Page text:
In this guest blog post, Powell discusses the perfect evil character.
Readers love an evil character, literature is strewn with them. I would say an interesting evil character is often multi-faceted, never straight forward, they themselves are often in a way, victims.
Who can forget the Stephen King character Jack Torrance, who has slipped into insanity, a danger to his wife and child as well as other people who cross his path. He is interesting in that he himself has been victim, having watched his father, who he adored, abuse his mother. There is this baggage, along with the fact that the hotel where he and his family reside over a bleak winter is slowly taking control of him.
Evil characters are full of character flaws, Jack Torrance, for example, has a major problem with alcohol. There are a whole range of character flaws a writer can imagine.
Many evil characters are cruel and carry out unspeakable acts, which leave readers disbelieving they can be so gruesome. The manner in which an evil character enacts their murders, also leaves a strong impression on the reader.
Some evil characters are deranged. Take the character Patrick Batemen. This man, on the one hand, a clean living yuppie, but on the other hand, a murderer, or contrary to this, perhaps the murders are just an insane delusion. This schizophrenic character is used as a ploy to make the reader question what is reality and what is going on in the darkness of Batemen’s mind. Batemen has no strong personality to speak of, it is his imagination that has a richness, be it one of toxic evil.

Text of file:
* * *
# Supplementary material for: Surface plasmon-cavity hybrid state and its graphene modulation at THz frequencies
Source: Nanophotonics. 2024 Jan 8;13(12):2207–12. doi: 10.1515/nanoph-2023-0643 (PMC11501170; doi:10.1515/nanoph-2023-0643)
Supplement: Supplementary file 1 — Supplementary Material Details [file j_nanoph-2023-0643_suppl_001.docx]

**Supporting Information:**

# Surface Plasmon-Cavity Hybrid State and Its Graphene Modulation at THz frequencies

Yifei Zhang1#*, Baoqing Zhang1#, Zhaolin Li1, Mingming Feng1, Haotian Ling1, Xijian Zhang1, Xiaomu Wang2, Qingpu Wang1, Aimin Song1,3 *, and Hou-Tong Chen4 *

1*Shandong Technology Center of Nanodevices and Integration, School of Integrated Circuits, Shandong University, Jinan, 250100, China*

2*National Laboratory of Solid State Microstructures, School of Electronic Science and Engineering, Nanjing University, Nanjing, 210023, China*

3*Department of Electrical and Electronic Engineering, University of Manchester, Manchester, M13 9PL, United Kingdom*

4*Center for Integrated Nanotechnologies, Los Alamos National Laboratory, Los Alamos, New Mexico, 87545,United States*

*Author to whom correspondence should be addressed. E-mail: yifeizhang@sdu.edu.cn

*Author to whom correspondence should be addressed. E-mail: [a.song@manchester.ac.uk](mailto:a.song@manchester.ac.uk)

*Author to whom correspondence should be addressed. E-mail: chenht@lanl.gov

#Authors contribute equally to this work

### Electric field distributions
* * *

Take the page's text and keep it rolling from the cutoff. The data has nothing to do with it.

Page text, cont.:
Evil characters often have strong fixations and are on their own bizarre missions. Grenouille from the book Perfume: The Story of a Murderer, has an incredible gift of smell. This gift leads him to do unspeakable crimes, in the pursuit of a creation of a master angelic perfume. He sets about robbing beautiful virgins of their smell. Grenouille also could be described as hedonistic.
Similarly, Hannibal Lecter from Red Dragon, by Thomas Harris tests the limits of how far a man can go with no moral compass. He is a sophisticated character, not only in his tastes, (he loves opera) but also with sophisticated culinary skills (he sautés human brains). Hannibal is a highly intelligent man, who can outsmart those in pursuit of him. He is precise with how he goes about his killings. He is certainly audacious, as are many evil characters.
Not all evil characters are performing evil physical acts to their victims, there are also those who are more psychological. The evil nurse in One Flew Over The Cuckoo’s Nest works in Oregon State Hospital, a mental institution, where she exerts total power over the patients, limiting their freedom and taking away their freedom and privileges at will. Played brilliantly by Louise Fletcher, in the film version, at times you would like to throttle her, which is what the main character, Randle McMurphy, tries to do. One of the main victims of her evil regime is the character of stuttering suicidal Billy Bibbit, who is so terrified by her, that any hope he might get outside the institution is quashed.
Writers have to immerse all these cocktails of character flaws into their characters, to come up with interesting and memorable deviants. A mindless slasher killing for no obvious reason is not going to engage readers, whereas a murderer with a lot of previous baggage and an air of sophistication will. Writers need to delve deep to create deviants.
Born in 1961, in Reading, England, Francis H. Powell attended Art Schools. In 1995, Powell moved to Austria, teaching English while pursuing his varied artistic interests of music and writing. He currently lives in Paris, writing both prose and poetry. He is the author of Flight of Destiny.